Then generate viable options to achieve your goals. So that’s the options that we’re talking about. So look at all the options. Now, a mistake that extensive research has shown is that we don’t generate nearly enough options for important decisions. We tend to lead those, tend to make fast decisions. And that’s a big problem. You know, we’re in the fast leader podcast. The leaders tend to make decisions way too quickly because they settle on the first option that comes along that seems good enough and they don’t maximize, you know, they can take 15 more minutes, half an hour and get a decision that will be 50% more good. That’s, that’s so often the case and they make the mistake of not taking the time to make a wise decision.
Jim Rembach: (15:21)
Great segue. Hold on. I’ve got to stop right there. Go ahead. Because that’s exactly why we call it the fast leader show so that we can learn these systems and frameworks because that ultimately in the wrong long run from the longterm view we do, we do actually just, I mean from a velocity perspective we go significantly faster because if we don’t do these things correctly, as I’m sure you deal with every single day, I mean people just tell they’re doing the same thing over and over. It’s just insane decision making process. And do you think you’re moving faster? You know, fast leader, I mean you’re a boat anchor and you’re weighing everyone down. So I you setting me up for that. Sure.
Gleb Tsipursky: (15:57)
Happy to do so. Jim, I was wondering if you’d comment on that. I was a little bit provocative, right? But in my experience, it’s not that people tend to go faster when they make these decisions. It’s that they tend to not go into the ditch because you know that’s when you really are going to be in trouble and really not going anywhere fast. So that’s the fifth one. Next, weigh the options. So again, I told you earlier about thinking about which of these credit decision making criteria is more important. The salary demand of someone they’re fit for, the job, their technical skills, whatever way their criteria according to the options that you have available next, implement the option that you chose. So and finally evaluate the implementation process. You don’t want to just say, okay I’m implementing, that’s great. We’re finished. You want to measure, you want to measure how well the decision is doing so that you’re able to devout to revise it as nude in the process. So that’s a really important last step. But people often tend to miss and they should not miss. So that’s the eight step process for significant major decisions.
Jim Rembach: (17:05)
Yeah. And the reason we have to have that and then you’ve kind of hit it on it here and there. As you tired of talking about biases and things associated with that. I mean you’re studying through behavioral economics and neuroscience and all of these other things, uh, you know, brain, all the brain activity and thing that we’ve learned about just within the past couple of years, you know, and why all this occurs. So if you can just kinda hit on some of those core major biases that oftentimes are, are being used, uh, on us and upon us and we’re being victimized too, that we’re just not aware of.
Gleb Tsipursky: (17:38)
Sure. So we have a lot of cognitive biases that, so several of them will, or you talked about in the program, one is the planning fallacy that they might mention that we tend to assume everything will go according to plan. Now the planning fallacy comes up most often when people think, Oh, you know, planning to fail, a failing to plan is planning to fail. So people think that I need to make a plan because otherwise I’m going to fail. Unfortunately, that’s often a bad idea. And here’s why. We tend to make plans as STO, they will come true. We tend to plan for the best case outcomes and that is going to be a problem when we invest our resources and make a commitment based on these plans. In reality, we don’t tend to plan for all the problems that will come along. There’ll be many problems with calm that will screw up your plans.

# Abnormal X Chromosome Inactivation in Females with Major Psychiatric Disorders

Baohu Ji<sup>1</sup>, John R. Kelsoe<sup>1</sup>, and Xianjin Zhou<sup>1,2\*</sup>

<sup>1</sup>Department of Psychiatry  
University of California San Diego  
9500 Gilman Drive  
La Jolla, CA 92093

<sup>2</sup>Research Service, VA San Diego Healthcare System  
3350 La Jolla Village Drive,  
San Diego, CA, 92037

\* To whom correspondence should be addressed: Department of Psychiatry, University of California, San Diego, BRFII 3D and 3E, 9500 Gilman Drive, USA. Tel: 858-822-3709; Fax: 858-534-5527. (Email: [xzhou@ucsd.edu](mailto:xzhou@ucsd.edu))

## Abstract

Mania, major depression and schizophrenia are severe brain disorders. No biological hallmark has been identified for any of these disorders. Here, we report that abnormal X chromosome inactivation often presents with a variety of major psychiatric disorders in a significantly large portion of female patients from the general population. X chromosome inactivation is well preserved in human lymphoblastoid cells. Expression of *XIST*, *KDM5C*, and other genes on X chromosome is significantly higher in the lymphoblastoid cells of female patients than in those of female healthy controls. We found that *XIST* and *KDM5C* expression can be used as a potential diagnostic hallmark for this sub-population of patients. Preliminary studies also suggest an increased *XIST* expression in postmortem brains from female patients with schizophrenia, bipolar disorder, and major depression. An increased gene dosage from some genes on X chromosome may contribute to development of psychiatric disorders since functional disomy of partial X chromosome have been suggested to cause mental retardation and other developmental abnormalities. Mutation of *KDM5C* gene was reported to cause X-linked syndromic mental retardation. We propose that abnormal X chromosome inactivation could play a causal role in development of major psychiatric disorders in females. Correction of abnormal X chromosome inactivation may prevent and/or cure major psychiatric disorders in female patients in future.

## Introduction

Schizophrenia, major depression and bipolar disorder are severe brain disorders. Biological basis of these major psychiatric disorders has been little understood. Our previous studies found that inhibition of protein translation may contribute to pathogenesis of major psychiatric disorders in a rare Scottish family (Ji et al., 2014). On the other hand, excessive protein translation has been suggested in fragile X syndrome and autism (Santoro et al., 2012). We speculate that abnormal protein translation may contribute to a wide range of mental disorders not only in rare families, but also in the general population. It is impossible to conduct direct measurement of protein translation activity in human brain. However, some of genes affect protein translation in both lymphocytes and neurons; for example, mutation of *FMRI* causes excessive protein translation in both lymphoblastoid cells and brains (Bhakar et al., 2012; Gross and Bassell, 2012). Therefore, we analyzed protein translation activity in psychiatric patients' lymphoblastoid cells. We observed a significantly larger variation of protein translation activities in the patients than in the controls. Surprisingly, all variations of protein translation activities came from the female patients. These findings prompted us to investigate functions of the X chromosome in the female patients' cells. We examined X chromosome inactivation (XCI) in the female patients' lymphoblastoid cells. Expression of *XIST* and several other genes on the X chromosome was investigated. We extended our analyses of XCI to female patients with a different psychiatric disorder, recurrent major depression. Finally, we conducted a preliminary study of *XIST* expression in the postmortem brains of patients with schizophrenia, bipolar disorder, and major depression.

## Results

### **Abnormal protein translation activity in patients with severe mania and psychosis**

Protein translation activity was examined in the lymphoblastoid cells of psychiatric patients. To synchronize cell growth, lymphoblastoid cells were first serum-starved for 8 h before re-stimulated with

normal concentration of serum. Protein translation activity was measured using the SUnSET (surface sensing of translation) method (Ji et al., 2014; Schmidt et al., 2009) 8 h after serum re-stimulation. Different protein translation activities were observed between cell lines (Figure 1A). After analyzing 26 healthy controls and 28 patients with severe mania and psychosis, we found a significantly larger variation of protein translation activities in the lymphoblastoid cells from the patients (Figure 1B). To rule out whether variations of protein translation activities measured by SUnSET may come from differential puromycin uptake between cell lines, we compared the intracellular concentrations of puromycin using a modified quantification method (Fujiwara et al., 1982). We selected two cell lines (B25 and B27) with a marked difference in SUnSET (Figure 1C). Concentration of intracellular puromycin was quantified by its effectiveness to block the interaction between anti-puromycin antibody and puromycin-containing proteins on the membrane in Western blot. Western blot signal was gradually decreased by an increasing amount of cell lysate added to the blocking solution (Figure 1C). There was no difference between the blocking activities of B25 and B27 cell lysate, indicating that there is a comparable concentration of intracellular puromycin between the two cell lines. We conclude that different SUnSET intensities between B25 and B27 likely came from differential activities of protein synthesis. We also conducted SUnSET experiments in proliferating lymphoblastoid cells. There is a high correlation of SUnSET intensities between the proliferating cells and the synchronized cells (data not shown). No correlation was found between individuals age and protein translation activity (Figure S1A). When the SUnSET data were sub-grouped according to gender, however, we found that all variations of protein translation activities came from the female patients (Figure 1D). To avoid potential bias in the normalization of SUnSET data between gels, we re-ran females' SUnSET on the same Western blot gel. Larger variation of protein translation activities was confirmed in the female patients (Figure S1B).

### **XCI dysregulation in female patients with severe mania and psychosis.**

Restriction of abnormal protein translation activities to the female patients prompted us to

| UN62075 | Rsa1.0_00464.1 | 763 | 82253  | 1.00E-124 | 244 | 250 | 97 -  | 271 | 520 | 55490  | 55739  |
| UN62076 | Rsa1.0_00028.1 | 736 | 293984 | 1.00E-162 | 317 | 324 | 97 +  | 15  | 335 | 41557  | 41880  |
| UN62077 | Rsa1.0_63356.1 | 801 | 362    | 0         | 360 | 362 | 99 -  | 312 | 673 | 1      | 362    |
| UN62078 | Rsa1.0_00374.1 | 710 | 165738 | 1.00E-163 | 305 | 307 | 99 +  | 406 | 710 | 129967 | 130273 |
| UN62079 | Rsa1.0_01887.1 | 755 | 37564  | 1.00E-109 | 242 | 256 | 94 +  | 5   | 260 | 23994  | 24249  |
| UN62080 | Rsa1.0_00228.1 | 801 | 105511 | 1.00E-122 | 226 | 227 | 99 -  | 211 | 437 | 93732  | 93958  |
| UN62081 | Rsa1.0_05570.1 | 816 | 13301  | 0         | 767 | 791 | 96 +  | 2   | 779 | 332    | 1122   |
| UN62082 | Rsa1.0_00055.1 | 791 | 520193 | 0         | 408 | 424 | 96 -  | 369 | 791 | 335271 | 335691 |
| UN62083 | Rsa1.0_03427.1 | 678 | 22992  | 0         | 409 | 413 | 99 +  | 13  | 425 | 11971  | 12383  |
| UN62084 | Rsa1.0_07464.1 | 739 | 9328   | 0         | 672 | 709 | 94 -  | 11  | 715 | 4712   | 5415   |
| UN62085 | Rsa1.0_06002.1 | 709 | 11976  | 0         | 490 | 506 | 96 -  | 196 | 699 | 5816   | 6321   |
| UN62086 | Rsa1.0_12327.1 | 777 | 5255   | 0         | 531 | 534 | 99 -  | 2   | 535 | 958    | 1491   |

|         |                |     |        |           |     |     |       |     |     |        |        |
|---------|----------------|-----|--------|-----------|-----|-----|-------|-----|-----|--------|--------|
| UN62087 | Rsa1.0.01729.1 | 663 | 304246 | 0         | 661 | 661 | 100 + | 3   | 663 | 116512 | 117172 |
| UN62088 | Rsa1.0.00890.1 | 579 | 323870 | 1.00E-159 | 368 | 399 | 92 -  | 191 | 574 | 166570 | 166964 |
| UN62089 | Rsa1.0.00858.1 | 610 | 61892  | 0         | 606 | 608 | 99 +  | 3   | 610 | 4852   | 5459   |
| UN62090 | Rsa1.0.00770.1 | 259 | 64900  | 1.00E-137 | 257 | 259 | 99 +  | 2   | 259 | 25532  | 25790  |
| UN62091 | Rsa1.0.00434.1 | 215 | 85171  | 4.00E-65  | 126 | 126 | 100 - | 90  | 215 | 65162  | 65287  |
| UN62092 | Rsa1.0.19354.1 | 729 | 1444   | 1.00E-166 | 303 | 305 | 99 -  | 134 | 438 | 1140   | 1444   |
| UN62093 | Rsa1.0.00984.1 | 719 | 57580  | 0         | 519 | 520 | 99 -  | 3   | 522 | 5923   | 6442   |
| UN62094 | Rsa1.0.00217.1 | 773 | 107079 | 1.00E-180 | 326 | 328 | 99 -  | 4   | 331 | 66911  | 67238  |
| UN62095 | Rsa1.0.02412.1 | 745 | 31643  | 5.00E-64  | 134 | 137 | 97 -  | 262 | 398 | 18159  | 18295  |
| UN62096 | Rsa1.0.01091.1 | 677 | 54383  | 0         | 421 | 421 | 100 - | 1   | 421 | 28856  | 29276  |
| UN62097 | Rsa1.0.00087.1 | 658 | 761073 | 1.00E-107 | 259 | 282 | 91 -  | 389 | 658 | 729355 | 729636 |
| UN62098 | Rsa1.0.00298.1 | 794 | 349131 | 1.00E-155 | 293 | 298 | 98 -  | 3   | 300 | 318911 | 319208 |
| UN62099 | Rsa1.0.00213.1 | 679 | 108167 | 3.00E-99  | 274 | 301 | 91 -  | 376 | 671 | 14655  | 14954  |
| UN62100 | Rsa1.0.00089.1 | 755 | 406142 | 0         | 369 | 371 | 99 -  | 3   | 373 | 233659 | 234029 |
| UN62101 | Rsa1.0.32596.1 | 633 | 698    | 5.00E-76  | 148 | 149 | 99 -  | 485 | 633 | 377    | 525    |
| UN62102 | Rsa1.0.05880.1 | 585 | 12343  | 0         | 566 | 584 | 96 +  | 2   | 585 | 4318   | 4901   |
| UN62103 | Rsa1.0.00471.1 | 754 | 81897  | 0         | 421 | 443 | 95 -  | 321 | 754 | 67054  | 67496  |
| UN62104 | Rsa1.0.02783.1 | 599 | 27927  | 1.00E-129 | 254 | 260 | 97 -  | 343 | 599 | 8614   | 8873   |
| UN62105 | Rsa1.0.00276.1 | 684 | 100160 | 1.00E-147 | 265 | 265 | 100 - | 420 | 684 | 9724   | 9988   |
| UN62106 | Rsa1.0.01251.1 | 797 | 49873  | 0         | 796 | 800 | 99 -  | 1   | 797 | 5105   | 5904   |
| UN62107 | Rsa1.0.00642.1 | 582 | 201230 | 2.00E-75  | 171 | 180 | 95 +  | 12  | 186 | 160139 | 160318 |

Gleb Tsipursky: (18:27)
You know, plans never survive contact with the enemy, but we tend to make plans as still they do so much better. Strategy is thinking to yourself. Failing to plan for problems is planning to fail. So again, failing to plan for problems is planning to fail. That’s a much better way of thinking about this planning fallacy or another one that I like to talk to folks about is the illusion of transparency and this is especially relevant since we’re talking here in a podcast and you’re listening to me. The illusion of transparency is the solution that we are communicating much more effectively than we actually are communicating. We tend to think that whatever we say, whatever we convey, the other person understands a hundred percent accurately and 100% effectively and we don’t tend to check for their understandings. Now, if I’m, when I’m doing a presentation, I do a lot of training as consulting and coaching.
Gleb Tsipursky: (19:19)
What I do is I make sure to check the audience sexually understanding what I’m saying. Are they actually getting the information? I’m not just lecturing at them. I’m having a two way communication can do it on the podcast, unfortunately, but that’s something that you need to think about when you’re communicating with others. Are you falling for the illusion of transparency when you’re thinking that whatever you’re saying is a hub being a hundred percent understood by the other party. Another one that plugs into the illusion of transparency, the planning policy and so many others. It’s called the overconfidence bias. Now, that’s what it sounds like. We as human beings tend to be much more confident that we are accurate and we’re correct than we actually are. It’s especially a big problem for leaders. Leaders tend to be more overconfident than most people. And so I’ll give you an interesting example when studies have shown that when people say that 100% confident about something, you know that they’d bet the house on it that are actually right about 80% of the time.